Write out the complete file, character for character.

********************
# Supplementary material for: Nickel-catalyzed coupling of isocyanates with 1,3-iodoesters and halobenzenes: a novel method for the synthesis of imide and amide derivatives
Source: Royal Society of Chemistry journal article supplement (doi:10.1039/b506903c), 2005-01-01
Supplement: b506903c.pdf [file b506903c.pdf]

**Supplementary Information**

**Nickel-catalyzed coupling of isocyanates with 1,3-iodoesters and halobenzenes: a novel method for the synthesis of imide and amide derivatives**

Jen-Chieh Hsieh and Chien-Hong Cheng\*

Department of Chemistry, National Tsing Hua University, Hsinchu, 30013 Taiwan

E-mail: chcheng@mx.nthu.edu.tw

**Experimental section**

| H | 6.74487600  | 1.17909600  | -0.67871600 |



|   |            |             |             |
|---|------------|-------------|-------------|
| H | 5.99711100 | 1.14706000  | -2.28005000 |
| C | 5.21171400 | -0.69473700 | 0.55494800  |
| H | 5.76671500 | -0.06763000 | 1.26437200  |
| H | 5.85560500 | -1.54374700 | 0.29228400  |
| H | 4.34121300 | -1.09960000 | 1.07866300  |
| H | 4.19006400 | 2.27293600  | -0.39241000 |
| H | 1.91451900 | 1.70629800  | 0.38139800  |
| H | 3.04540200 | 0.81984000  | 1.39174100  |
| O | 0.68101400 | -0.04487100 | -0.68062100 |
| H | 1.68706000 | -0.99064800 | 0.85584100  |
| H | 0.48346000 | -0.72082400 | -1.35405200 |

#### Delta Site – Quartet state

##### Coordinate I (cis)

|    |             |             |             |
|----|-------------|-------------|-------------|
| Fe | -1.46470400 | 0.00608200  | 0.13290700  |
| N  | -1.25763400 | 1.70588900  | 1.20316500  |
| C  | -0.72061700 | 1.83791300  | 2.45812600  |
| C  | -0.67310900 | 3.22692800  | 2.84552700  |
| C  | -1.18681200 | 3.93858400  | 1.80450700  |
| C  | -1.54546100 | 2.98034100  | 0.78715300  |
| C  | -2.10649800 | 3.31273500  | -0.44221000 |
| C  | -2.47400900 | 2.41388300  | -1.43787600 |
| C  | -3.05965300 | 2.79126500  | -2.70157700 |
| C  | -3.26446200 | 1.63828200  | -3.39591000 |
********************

# Supplementary material for: Nickel-catalyzed coupling of isocyanates with 1,3-iodoesters and halobenzenes: a novel method for the synthesis of imide and amide derivatives
Source: Royal Society of Chemistry journal article supplement (doi:10.1039/b506903c), 2005-01-01
Supplement: b506903c.pdf [file b506903c.pdf]

**Supplementary Information**

**Nickel-catalyzed coupling of isocyanates with 1,3-iodoesters and halobenzenes: a novel method for the synthesis of imide and amide derivatives**

Jen-Chieh Hsieh and Chien-Hong Cheng\*

Department of Chemistry, National Tsing Hua University, Hsinchu, 30013 Taiwan

E-mail: chcheng@mx.nthu.edu.tw

**Experimental section**

| H | 6.74487600  | 1.17909600  | -0.67871600 |



|   |            |             |             |
|---|------------|-------------|-------------|
| H | 5.99711100 | 1.14706000  | -2.28005000 |
| C | 5.21171400 | -0.69473700 | 0.55494800  |
| H | 5.76671500 | -0.06763000 | 1.26437200  |
| H | 5.85560500 | -1.54374700 | 0.29228400  |
| H | 4.34121300 | -1.09960000 | 1.07866300  |
| H | 4.19006400 | 2.27293600  | -0.39241000 |
| H | 1.91451900 | 1.70629800  | 0.38139800  |
| H | 3.04540200 | 0.81984000  | 1.39174100  |
| O | 0.68101400 | -0.04487100 | -0.68062100 |
| H | 1.68706000 | -0.99064800 | 0.85584100  |
| H | 0.48346000 | -0.72082400 | -1.35405200 |

#### Delta Site – Quartet state

##### Coordinate I (cis)

|    |             |             |             |
|----|-------------|-------------|-------------|
| Fe | -1.46470400 | 0.00608200  | 0.13290700  |
| N  | -1.25763400 | 1.70588900  | 1.20316500  |
| C  | -0.72061700 | 1.83791300  | 2.45812600  |
| C  | -0.67310900 | 3.22692800  | 2.84552700  |
| C  | -1.18681200 | 3.93858400  | 1.80450700  |
| C  | -1.54546100 | 2.98034100  | 0.78715300  |
| C  | -2.10649800 | 3.31273500  | -0.44221000 |
| C  | -2.47400900 | 2.41388300  | -1.43787600 |
| C  | -3.05965300 | 2.79126500  | -2.70157700 |
| C  | -3.26446200 | 1.63828200  | -3.39591000 |